For example, having been established for over 40 years, at Bristan we have an acute understanding of everything from the UK’s plumbing systems and property structures through to the latest design trends. In this way, customers can be assured of purchasing a product which not only looks good but can be installed without any hassle, is easy to use and will stand the test of time.
How does replacing a single flush with a dual flush WC save water?
Dual flush WCs have been designed to enable users to reduce waste without restricting use. Typically, a traditional single flush WC will use a generous 9-12 litres per flush; whereas today’s dual options use a maximum of just 6 litres – with some as low as 4-2 litres.
Although not something that necessarily springs to mind when it comes to water saving, the reality is that the toilet is a huge water waster - in fact, according to WaterWise 30% of the water each adult uses daily goes to flushing toilets. As such, making the switch to a modern dual-flush option can make for some serious water savings.
Is there anything readers can do if they don’t wish to replace their WC?
Yes, there are lots of other clever bathroom water saving devices which can make a difference.
A nice little option is a Cistern Displacement Device (CDD), which, as the name would suggest, is placed in the cistern to displace water, and can reduce up to three litres each flush. According to WaterWise this can equate to a saving of 5,000 litres per year.
Finally, it goes without saying, but it’s important not to flush the toilet excessively too. For example, try to avoid flushing cotton balls or makeup tissues down the toilet, but rather put them in the bin.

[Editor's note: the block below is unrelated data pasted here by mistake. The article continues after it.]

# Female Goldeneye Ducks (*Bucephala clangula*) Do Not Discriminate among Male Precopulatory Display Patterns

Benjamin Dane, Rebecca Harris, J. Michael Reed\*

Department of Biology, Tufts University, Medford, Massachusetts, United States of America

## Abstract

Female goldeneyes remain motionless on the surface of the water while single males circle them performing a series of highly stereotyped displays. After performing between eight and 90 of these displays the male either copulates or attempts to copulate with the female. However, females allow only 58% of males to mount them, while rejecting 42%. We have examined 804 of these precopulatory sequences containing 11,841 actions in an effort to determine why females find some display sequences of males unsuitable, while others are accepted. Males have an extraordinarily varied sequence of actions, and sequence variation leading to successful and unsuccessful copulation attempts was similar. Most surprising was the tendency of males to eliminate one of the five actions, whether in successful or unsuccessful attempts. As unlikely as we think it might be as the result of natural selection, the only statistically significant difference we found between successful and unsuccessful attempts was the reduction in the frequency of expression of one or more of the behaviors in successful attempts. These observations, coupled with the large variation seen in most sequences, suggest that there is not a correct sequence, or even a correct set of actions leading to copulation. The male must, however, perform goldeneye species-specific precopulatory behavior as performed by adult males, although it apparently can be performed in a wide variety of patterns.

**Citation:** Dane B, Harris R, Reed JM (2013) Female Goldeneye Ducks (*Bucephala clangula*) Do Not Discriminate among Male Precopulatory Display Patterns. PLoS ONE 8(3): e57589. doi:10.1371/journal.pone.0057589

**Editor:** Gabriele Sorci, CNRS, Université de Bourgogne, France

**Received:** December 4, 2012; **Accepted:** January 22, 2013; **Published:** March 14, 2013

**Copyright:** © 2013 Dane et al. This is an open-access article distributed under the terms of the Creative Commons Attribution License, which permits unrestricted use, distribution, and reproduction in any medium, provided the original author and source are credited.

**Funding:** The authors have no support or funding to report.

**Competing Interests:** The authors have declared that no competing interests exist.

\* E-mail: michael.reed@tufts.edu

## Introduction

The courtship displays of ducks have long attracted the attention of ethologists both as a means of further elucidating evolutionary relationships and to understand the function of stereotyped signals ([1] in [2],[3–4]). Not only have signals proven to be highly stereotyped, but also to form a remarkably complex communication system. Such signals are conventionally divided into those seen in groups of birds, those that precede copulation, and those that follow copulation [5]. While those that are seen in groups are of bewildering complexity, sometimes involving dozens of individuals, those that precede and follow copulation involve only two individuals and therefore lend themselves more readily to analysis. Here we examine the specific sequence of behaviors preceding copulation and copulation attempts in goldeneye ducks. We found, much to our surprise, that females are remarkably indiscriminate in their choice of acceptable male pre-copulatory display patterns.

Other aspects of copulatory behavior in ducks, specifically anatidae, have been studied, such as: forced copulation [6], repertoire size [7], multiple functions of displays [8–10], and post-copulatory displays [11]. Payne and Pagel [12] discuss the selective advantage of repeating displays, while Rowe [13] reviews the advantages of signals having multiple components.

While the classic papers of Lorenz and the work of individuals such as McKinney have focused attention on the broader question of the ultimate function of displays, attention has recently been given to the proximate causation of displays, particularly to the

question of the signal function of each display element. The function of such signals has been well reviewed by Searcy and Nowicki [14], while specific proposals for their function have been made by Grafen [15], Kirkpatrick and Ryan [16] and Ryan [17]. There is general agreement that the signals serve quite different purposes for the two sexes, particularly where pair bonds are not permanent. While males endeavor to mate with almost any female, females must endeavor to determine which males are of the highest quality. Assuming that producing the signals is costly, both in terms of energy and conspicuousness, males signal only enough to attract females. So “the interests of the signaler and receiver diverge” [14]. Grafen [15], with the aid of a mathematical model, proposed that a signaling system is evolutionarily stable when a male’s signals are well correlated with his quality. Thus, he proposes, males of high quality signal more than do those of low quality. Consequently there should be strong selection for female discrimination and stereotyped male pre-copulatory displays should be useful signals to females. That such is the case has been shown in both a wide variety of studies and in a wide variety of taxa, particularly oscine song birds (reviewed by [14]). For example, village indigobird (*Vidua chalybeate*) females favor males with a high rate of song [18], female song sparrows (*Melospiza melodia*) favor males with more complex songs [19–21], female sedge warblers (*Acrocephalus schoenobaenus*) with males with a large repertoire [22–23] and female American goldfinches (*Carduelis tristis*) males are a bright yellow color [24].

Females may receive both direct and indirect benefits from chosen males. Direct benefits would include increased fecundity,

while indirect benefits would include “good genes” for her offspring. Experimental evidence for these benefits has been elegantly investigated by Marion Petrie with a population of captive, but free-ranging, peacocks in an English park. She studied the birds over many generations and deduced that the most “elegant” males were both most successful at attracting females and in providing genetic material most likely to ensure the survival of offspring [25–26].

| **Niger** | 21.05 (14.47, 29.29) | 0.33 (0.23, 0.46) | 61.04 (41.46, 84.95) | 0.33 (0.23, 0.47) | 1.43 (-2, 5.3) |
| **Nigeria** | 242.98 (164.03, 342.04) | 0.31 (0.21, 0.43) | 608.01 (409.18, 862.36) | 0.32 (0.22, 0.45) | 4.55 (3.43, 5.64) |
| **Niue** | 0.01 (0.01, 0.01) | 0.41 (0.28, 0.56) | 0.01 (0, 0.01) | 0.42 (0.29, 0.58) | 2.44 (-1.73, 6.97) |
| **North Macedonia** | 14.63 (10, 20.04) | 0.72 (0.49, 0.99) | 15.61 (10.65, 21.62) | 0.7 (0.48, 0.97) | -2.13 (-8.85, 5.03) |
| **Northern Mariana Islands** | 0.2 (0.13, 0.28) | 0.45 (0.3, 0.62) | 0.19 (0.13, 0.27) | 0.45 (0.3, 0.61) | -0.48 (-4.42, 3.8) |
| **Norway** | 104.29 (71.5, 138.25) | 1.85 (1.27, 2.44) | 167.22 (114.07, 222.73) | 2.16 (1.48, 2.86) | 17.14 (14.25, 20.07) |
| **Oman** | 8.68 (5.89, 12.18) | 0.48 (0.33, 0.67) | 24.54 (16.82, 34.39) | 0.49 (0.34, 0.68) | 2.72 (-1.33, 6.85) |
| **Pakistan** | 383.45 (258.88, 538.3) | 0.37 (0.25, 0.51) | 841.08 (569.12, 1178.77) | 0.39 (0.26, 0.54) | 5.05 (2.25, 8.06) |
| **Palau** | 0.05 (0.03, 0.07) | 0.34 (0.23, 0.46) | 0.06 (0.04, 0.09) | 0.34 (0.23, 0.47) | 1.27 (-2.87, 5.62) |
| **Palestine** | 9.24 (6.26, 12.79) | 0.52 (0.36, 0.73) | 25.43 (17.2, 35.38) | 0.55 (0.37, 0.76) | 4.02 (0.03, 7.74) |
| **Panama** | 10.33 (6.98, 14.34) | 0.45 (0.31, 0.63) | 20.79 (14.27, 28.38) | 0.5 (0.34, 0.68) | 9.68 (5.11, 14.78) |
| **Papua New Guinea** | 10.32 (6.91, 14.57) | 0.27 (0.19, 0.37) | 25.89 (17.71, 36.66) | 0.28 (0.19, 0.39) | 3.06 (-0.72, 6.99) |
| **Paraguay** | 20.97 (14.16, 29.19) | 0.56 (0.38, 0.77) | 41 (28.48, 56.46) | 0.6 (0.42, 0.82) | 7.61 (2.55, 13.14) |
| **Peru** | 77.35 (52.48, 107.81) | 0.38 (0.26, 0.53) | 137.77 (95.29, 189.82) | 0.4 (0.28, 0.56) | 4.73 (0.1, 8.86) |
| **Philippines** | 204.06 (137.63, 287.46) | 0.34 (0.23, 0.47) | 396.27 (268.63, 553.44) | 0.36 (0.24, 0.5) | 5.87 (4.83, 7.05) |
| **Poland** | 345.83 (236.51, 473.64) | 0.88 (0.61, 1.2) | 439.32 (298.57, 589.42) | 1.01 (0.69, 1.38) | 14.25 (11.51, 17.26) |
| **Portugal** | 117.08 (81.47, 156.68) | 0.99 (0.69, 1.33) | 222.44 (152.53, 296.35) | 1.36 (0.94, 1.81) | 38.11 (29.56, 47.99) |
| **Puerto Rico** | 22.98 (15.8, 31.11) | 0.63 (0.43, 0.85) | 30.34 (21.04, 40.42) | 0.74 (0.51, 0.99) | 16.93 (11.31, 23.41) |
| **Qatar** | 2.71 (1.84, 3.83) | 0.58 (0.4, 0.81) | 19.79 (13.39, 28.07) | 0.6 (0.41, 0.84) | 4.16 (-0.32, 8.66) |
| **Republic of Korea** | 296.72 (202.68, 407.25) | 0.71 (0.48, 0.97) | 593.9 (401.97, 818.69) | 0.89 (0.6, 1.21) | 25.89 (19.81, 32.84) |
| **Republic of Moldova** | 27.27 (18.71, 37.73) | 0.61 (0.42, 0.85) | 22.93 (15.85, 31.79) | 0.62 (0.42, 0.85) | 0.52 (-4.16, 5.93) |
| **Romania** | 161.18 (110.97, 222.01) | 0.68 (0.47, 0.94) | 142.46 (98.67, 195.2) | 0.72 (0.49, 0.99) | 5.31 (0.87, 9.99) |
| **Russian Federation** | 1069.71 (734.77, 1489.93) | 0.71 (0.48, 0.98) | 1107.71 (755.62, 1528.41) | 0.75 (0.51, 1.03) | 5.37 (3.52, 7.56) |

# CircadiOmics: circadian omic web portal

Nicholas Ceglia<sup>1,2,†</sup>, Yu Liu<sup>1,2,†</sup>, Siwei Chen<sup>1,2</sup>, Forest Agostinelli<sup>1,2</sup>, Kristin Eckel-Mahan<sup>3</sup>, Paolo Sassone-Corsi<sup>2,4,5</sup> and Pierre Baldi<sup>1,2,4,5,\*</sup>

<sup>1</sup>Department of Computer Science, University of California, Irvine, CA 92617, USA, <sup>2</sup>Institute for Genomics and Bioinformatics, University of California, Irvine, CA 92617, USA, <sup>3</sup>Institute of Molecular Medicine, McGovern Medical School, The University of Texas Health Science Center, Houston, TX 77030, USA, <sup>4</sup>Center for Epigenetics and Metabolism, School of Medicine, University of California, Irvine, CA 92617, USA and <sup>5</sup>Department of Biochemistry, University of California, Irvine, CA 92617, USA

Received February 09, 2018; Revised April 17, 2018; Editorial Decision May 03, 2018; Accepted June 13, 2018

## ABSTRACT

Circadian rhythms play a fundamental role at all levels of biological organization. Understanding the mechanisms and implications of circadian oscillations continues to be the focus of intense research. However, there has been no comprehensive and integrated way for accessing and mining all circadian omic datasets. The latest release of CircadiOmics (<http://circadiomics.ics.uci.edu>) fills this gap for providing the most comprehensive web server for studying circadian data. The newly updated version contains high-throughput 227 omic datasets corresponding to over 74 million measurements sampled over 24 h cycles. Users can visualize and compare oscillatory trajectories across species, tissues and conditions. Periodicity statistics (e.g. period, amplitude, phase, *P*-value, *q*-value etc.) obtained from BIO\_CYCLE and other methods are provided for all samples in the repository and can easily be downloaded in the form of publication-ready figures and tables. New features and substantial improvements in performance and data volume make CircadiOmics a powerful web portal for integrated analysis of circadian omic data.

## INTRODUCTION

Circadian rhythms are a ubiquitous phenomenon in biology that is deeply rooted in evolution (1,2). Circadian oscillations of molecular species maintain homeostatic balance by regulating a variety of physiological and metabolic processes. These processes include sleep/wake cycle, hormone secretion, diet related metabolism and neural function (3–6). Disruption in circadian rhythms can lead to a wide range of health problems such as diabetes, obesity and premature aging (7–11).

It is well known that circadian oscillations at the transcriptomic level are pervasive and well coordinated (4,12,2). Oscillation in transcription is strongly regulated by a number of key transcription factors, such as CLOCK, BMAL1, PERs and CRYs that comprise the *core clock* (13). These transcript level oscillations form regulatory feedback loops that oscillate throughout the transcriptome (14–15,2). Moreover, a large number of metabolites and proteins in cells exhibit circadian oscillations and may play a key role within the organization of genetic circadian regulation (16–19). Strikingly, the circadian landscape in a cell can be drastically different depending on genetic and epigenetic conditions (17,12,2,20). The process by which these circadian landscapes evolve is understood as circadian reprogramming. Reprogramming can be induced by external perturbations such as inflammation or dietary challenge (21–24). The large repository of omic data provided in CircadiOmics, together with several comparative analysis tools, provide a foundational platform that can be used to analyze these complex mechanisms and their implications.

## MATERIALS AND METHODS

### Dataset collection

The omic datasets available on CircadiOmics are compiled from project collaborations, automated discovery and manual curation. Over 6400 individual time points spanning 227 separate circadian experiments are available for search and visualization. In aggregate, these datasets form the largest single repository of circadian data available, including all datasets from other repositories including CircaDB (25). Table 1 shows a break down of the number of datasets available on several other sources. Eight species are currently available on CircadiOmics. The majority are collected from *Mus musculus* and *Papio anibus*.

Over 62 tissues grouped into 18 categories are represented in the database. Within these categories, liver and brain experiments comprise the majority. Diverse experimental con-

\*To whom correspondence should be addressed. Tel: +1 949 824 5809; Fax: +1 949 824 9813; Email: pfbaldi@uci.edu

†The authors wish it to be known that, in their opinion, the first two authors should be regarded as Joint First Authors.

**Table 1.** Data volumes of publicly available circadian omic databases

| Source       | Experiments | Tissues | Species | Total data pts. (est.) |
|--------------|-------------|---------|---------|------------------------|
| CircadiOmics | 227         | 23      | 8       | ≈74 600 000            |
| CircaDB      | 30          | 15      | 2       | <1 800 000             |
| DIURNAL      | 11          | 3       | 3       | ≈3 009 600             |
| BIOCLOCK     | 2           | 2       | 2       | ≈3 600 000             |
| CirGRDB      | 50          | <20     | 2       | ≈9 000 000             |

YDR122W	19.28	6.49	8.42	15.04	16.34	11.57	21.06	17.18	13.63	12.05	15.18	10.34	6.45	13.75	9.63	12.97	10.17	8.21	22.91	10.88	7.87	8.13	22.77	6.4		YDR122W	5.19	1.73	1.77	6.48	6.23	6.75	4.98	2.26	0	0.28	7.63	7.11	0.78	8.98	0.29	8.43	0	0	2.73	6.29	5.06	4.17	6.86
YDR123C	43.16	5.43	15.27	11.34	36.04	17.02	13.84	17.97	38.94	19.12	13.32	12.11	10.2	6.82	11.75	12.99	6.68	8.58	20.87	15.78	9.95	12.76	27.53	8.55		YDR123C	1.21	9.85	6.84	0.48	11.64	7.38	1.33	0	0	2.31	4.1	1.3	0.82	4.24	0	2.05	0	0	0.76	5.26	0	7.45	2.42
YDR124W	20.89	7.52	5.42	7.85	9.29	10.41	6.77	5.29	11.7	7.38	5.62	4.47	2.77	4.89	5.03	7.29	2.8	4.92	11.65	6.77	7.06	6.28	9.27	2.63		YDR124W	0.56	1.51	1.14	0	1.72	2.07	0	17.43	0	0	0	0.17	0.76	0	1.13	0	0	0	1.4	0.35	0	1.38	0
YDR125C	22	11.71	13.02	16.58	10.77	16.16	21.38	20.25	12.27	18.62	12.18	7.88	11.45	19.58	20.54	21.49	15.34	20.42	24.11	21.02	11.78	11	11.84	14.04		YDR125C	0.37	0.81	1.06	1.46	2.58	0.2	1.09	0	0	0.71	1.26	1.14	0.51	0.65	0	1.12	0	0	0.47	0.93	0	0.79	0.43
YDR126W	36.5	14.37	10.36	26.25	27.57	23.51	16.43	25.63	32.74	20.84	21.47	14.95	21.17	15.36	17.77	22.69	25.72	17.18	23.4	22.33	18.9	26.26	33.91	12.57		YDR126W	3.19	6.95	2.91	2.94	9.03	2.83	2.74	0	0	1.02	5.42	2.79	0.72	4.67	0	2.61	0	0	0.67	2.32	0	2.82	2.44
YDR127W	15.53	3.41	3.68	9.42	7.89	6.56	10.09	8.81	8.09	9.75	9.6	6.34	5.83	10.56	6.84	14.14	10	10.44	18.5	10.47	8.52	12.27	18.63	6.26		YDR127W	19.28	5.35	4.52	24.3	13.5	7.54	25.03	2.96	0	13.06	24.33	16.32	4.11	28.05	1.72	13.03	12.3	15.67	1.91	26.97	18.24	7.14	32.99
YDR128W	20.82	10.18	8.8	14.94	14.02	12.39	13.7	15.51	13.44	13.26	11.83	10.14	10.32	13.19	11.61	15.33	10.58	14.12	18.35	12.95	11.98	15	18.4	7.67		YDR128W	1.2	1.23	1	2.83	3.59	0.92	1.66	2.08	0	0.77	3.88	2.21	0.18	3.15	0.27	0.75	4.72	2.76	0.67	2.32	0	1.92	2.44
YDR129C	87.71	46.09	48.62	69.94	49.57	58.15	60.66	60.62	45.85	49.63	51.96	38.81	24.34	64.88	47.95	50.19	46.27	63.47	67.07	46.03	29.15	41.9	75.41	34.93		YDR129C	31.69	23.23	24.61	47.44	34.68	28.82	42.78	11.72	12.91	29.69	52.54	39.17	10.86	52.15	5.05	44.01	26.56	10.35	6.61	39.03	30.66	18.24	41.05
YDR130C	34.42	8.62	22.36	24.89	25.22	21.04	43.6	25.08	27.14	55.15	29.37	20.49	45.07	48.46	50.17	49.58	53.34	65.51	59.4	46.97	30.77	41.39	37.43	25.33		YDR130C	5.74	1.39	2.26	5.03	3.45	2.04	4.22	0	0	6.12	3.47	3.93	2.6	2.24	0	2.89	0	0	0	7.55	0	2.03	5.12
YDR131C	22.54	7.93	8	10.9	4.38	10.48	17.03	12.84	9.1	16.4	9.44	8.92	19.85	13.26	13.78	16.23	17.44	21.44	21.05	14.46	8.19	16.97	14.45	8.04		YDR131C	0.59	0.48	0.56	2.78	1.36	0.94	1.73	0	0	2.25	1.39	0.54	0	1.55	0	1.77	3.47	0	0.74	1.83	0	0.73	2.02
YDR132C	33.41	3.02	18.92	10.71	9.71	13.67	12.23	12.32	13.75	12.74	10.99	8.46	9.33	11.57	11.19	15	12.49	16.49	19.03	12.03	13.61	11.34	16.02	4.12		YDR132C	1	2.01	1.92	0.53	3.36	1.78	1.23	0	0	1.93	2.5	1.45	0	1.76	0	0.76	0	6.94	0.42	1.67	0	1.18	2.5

My boyfriend has a dual flush but it is terrible! What are his options? What should readers look for when buying a dual flush WC?
It could be down to a number of circumstances. If the toilet was bought from a reputable supplier (as is always recommended!) and still within the guarantee period we would, of course, advise that he gets in touch with their customer service team. Alternatively, if not within the guarantee period, it would be best to consult a qualified plumber as it might even be something to do with the installation or plumbing system.
However, as we’ve talked about already, if your boyfriend has gone for the cheapest option from an unheard of brand, a poor performance is, sadly, not uncommon.
Are there any other ways in which readers can save water in the bathroom?
Another good option is a low volume bath. As we all know, the bath is one area of water usage that has frequently come under scrutiny when water saving measures have hit the headlines.
To counter this, bathroom manufacturers have addressed this issue by re-designing baths so that they deliver the bathing experience you’d want while using considerably less water. This is achieved by contouring the internal profile of the bath so that it requires substantially less water to fill up to the overflow – up to a 90 litre saving in some examples. In this way, low volume baths, all of which are designed with the standard external dimensions, make it feasible to replace a standard bath without having to change the rest of the bathroom layout.